The humanitarian arguments for ousting Venezuelan dictator Nicolas Maduro are overwhelming.
Through a sickening mixture of corruption, ineptitude and malign authoritarian rule, Maduro has impoverished his oil-rich country, debased its democratic institutions, stifled its media and employed deadly force to punish peaceful opponents.
His cruel, destructive presidency has driven more than three million suffering Venezuelans into exile. And largely because of him, what should be one of the world’s most happy and prosperous nations is on the verge of social, economic and political collapse.
Given the urgency of this crisis — millions of Venezuelans are going hungry and without proper medical care — there should be no question that since Maduro will not voluntarily step aside he should be compelled to leave office. The only question that needs an answer — and it is huge — is how.
An American military intervention to expel Maduro increasingly seems the preference of a hawkish U.S. President Donald Trump, even though such an invasion could quickly spin out of control, destabilize South America and transform a national disaster into an international one. This would be a historic blunder.
Far better is the emerging international coalition of countries, in which Canada is playing a leading role, that is as committed to replacing Maduro, but also convinced that concerted, external but non-military pressure is the only way to make it happen. Canada furthered this more promising cause Monday when it hosted a meeting of the Lima Group, an association of 14 mainly Latin American countries trying to free Venezuela from Maduro’s grip. That gathering in Ottawa also included many European diplomats.
Some critics dismissed this initiative because Canada, like most other Lima Group members, has recognized Venezuelan opposition leader Juan Guaido as interim president until a fair election is held.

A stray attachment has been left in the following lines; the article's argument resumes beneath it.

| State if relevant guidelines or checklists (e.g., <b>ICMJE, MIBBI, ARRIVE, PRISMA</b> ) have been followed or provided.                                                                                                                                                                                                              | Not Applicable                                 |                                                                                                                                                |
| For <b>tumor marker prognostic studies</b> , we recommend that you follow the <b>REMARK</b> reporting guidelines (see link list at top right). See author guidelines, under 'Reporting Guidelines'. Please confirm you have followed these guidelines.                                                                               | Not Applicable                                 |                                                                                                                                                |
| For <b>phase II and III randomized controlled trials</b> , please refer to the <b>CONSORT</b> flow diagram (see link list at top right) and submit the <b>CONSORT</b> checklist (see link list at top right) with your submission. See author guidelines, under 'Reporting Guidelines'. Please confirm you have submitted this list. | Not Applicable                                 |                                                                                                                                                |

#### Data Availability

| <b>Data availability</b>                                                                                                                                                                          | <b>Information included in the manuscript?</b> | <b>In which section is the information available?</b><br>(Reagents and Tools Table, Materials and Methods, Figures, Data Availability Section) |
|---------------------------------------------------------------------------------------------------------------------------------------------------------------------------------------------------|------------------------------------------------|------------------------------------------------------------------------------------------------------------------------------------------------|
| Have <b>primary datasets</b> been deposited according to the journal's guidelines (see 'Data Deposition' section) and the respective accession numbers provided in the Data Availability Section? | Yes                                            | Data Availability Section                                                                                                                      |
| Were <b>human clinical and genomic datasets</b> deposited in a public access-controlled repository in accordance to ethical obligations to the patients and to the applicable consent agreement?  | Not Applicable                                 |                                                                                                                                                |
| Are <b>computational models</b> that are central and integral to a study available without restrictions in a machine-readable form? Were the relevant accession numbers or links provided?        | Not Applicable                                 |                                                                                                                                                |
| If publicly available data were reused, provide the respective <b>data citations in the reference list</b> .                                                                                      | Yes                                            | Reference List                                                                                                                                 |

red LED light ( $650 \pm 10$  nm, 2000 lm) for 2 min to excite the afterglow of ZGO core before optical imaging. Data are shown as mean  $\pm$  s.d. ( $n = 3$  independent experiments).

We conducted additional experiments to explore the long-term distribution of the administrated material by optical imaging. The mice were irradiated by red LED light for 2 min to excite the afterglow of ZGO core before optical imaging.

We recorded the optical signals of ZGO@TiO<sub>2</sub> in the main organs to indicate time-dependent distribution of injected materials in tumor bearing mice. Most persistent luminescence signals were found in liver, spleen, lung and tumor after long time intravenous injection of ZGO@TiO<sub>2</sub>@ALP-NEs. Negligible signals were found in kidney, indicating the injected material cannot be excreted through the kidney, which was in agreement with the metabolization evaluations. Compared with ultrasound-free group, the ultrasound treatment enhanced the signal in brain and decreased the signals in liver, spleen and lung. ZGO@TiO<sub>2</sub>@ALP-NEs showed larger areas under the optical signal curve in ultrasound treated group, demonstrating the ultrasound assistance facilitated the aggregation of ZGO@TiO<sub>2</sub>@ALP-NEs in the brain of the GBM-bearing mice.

Since the Americans have also recognized Guaido as interim leader, those critics accuse the Lima Group of behaving like Trump’s trained lapdogs. That harsh judgment is unjustified. Far from being an overnight response to a hemispheric challenge, Canada was an early player in the movement to stop Venezuela’s slide into chaos and possible civil war.
With Canada’s full support, the Lima Group came together in 2017 to deal with the deteriorating situation in Venezuela. Eschewing outside military intervention, the group hopes to effect a regime change with more peaceful measures that include targeted sanctions against Maduro and his cronies.
The Lima Group is also urging other countries to denounce Maduro’s presidency as illegitimate because of last May’s presidential election — which was widely condemned as an undemocratic farce. This strategy is achieving some success. The United Kingdom, Germany, France, Spain, Netherlands, Austria and Poland all recognized Guaido as interim president on Monday.
The hope is that this growing and broadly based international opposition to Maduro will get results by convincing enough Venezuelans in positions of power that Maduro’s time is up. This past weekend, a highranking Venezuelan air force general declared Guaido to be the country’s legitimate leader as thousands of protesters hit the streets to demand new elections.
A peaceful, positive resolution that ends Venezuela’s agony is far from inevitable. The always unpredictable Trump could opt to invade, which would only make life even more miserable in Venezuela in the short-term.
But Canada and all the other nations lined up against Maduro can and should discourage the Americans from launching a military intervention. Indeed, the more countries that do this, the more likely it will be that Maduro leaves office peacefully. And while his departure would still leave plenty of nasty despots in this world, at least there would be one less.